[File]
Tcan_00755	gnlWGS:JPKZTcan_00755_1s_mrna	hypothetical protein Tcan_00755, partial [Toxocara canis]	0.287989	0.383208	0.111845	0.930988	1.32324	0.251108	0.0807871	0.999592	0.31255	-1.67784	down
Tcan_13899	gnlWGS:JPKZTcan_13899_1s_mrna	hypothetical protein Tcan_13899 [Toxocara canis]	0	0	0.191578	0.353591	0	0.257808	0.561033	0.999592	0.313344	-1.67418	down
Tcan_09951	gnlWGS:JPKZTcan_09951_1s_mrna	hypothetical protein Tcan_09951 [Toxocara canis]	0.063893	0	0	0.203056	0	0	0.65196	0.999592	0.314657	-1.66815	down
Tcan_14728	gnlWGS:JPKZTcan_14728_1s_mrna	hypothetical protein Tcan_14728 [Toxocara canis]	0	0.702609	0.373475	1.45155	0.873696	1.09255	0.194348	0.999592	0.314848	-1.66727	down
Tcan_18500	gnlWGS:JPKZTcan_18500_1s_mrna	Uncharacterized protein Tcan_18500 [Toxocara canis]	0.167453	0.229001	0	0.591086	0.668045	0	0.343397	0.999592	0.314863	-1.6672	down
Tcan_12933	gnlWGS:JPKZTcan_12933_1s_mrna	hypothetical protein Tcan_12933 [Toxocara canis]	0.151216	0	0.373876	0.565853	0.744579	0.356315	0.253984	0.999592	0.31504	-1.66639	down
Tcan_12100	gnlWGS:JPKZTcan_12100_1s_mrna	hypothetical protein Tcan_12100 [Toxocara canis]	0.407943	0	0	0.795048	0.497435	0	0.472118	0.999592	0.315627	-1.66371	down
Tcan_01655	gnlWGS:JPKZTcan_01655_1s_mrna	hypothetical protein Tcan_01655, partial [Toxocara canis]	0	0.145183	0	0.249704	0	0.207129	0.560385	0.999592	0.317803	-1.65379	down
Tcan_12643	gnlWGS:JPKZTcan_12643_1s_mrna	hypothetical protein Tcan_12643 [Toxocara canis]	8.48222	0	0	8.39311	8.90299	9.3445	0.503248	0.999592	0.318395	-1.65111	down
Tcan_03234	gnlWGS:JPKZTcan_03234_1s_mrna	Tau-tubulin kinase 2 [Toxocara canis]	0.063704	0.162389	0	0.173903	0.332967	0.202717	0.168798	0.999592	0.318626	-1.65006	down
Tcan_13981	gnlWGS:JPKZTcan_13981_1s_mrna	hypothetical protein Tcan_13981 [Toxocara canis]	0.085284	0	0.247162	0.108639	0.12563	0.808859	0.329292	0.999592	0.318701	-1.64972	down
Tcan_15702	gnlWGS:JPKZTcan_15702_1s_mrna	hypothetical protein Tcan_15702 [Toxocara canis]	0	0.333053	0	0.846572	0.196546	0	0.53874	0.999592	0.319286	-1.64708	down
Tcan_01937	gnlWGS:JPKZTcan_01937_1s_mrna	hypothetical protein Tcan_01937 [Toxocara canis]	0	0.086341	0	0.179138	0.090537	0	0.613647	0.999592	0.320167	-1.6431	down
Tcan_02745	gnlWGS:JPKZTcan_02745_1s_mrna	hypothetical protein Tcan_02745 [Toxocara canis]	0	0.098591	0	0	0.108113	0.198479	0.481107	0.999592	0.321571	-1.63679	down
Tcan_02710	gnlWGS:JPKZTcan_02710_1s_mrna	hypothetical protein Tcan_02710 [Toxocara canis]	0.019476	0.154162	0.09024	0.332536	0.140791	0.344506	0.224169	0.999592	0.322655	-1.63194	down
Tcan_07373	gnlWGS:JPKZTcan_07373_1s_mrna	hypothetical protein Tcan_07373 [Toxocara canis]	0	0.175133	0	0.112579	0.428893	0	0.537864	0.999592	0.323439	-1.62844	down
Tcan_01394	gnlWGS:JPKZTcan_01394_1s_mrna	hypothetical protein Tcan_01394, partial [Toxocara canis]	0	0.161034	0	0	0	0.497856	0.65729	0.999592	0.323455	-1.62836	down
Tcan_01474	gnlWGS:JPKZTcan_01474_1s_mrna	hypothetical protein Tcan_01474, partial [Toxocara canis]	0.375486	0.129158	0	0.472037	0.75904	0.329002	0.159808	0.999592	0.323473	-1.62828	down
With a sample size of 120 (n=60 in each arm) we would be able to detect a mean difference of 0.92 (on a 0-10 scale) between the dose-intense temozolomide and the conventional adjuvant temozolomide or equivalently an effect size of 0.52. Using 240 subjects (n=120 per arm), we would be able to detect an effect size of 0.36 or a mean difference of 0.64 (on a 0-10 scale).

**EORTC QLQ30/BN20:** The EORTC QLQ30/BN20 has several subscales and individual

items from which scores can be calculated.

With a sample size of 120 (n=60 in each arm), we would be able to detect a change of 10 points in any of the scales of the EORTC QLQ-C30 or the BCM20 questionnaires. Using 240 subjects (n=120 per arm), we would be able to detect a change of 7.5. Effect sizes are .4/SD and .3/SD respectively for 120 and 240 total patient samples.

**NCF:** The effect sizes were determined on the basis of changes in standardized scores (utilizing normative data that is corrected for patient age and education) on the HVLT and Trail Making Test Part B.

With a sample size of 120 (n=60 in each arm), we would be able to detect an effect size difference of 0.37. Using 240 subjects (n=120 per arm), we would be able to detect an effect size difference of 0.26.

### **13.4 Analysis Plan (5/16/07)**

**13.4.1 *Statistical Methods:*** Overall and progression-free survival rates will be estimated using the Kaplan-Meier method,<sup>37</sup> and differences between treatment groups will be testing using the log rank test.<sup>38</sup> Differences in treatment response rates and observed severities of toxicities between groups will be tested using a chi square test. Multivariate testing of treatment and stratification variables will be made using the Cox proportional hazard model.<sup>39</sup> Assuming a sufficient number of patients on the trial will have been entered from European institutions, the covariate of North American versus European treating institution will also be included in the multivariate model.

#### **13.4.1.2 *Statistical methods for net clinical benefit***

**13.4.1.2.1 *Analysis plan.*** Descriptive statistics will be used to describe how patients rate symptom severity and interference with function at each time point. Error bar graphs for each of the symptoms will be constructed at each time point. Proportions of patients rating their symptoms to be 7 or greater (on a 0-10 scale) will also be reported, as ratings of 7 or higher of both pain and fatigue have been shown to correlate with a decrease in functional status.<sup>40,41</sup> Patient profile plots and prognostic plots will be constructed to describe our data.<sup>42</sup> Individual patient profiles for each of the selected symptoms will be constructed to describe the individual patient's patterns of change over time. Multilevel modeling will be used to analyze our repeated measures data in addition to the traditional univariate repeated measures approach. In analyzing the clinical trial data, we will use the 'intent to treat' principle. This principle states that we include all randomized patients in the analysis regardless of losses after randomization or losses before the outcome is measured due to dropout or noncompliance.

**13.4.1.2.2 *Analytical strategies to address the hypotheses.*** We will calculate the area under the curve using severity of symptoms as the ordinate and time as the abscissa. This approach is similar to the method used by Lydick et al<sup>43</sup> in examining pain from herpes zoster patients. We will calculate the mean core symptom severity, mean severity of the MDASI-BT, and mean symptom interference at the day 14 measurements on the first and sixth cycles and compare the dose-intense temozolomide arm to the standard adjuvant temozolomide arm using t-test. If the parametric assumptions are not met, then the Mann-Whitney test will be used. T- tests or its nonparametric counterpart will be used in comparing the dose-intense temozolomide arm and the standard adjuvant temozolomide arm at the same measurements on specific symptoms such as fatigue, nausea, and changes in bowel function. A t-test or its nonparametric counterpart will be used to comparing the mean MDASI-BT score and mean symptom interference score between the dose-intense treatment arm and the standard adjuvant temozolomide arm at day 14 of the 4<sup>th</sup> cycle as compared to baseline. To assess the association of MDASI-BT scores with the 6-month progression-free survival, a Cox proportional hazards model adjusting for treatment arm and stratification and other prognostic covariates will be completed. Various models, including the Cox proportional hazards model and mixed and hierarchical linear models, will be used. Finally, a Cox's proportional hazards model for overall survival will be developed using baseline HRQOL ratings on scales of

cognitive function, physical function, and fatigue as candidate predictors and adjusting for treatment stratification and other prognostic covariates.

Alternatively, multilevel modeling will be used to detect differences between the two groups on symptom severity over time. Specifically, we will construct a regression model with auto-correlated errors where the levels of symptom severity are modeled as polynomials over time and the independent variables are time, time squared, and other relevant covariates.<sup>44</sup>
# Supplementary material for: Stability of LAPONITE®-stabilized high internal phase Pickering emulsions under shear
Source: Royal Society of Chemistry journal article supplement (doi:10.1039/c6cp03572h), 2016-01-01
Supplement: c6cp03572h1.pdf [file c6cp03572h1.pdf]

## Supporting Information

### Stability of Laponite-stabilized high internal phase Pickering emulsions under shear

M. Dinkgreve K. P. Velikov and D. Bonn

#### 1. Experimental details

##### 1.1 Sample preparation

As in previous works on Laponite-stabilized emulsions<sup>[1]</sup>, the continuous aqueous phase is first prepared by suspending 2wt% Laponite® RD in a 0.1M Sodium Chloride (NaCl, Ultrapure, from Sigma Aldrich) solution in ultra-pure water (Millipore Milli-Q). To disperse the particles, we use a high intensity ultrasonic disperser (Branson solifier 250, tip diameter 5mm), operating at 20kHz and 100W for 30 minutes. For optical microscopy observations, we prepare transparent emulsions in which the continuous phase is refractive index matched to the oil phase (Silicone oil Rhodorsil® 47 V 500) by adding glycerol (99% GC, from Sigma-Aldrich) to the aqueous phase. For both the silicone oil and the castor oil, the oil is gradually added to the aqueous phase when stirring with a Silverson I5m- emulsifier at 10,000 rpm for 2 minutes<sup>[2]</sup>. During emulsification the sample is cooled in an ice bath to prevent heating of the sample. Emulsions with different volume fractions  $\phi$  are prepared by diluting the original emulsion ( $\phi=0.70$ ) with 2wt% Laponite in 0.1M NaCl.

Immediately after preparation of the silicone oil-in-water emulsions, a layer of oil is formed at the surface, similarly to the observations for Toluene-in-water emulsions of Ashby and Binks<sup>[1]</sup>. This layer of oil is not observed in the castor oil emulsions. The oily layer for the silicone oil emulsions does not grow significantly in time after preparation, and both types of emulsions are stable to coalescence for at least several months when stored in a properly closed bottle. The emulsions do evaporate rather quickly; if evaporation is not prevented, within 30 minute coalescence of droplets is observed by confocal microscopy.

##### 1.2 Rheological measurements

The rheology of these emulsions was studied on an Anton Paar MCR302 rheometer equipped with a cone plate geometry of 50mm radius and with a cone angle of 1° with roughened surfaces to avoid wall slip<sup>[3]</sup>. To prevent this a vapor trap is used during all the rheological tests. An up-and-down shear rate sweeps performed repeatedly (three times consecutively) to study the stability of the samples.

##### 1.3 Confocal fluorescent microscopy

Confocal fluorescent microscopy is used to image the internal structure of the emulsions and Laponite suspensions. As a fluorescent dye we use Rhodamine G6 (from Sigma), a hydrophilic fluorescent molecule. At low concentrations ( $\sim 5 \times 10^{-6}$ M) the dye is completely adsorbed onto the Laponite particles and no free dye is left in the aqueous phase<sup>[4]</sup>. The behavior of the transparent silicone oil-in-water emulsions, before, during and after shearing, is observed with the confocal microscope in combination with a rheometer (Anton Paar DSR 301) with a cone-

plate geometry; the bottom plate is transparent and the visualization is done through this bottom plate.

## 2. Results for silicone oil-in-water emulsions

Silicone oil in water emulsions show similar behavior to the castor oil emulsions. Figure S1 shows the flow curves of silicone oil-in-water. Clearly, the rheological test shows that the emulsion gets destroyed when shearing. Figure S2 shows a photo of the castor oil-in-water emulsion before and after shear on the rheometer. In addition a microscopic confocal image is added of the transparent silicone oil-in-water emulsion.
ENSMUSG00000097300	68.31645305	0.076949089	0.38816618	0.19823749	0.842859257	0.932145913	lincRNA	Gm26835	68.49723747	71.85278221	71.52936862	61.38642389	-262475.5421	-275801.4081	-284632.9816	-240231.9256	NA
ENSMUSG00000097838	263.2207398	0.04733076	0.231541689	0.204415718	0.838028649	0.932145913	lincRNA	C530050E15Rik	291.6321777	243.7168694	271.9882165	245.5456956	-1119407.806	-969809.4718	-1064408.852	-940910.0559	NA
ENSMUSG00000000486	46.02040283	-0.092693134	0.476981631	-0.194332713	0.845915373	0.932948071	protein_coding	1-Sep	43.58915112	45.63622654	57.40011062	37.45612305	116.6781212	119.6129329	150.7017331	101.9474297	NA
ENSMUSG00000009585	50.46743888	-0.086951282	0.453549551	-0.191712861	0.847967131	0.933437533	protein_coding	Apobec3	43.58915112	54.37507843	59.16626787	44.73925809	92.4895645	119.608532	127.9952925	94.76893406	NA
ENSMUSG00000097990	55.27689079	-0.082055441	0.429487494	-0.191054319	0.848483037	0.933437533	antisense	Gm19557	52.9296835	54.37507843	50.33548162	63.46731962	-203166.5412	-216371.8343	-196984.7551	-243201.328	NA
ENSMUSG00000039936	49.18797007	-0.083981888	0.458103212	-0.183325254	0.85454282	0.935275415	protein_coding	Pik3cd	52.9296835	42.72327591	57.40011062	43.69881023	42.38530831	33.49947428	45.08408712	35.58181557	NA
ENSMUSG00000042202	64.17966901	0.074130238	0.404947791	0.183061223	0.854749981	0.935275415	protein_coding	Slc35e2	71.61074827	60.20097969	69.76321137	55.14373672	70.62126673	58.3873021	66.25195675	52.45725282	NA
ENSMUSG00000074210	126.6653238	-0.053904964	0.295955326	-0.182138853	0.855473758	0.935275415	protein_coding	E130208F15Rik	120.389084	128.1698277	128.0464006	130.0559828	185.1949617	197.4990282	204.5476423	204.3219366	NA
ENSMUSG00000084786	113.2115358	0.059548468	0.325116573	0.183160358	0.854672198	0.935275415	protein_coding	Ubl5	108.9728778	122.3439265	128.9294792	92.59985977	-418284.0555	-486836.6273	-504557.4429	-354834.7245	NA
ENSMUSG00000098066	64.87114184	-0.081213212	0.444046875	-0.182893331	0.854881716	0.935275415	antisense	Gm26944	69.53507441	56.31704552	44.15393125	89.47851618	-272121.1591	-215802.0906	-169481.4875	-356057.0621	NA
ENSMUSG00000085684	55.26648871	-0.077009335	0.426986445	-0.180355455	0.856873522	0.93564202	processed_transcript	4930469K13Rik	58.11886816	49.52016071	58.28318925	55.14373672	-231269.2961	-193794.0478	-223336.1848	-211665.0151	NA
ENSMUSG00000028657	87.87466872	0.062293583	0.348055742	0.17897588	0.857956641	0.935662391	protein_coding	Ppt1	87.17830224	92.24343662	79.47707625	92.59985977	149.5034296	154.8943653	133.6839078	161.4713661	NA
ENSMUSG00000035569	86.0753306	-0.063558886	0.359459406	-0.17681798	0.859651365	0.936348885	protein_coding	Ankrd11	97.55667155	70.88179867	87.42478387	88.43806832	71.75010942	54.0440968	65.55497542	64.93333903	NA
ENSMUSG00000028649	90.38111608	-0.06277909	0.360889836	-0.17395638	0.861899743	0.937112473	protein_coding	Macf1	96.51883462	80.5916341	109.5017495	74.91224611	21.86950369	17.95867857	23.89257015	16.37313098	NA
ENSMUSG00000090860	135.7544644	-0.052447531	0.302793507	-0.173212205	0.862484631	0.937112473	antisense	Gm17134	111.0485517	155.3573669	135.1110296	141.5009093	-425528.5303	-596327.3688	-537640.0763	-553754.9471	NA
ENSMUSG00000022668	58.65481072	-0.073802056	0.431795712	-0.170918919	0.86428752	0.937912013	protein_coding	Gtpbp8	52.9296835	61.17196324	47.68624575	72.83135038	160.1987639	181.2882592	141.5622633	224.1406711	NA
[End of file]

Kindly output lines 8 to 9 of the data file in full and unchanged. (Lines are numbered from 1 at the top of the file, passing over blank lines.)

Tcan_01655	gnlWGS:JPKZTcan_01655_1s_mrna	hypothetical protein Tcan_01655, partial [Toxocara canis]	0	0.145183	0	0.249704	0	0.207129	0.560385	0.999592	0.317803	-1.65379	down
Tcan_12643	gnlWGS:JPKZTcan_12643_1s_mrna	hypothetical protein Tcan_12643 [Toxocara canis]	8.48222	0	0	8.39311	8.90299	9.3445	0.503248	0.999592	0.318395	-1.65111	down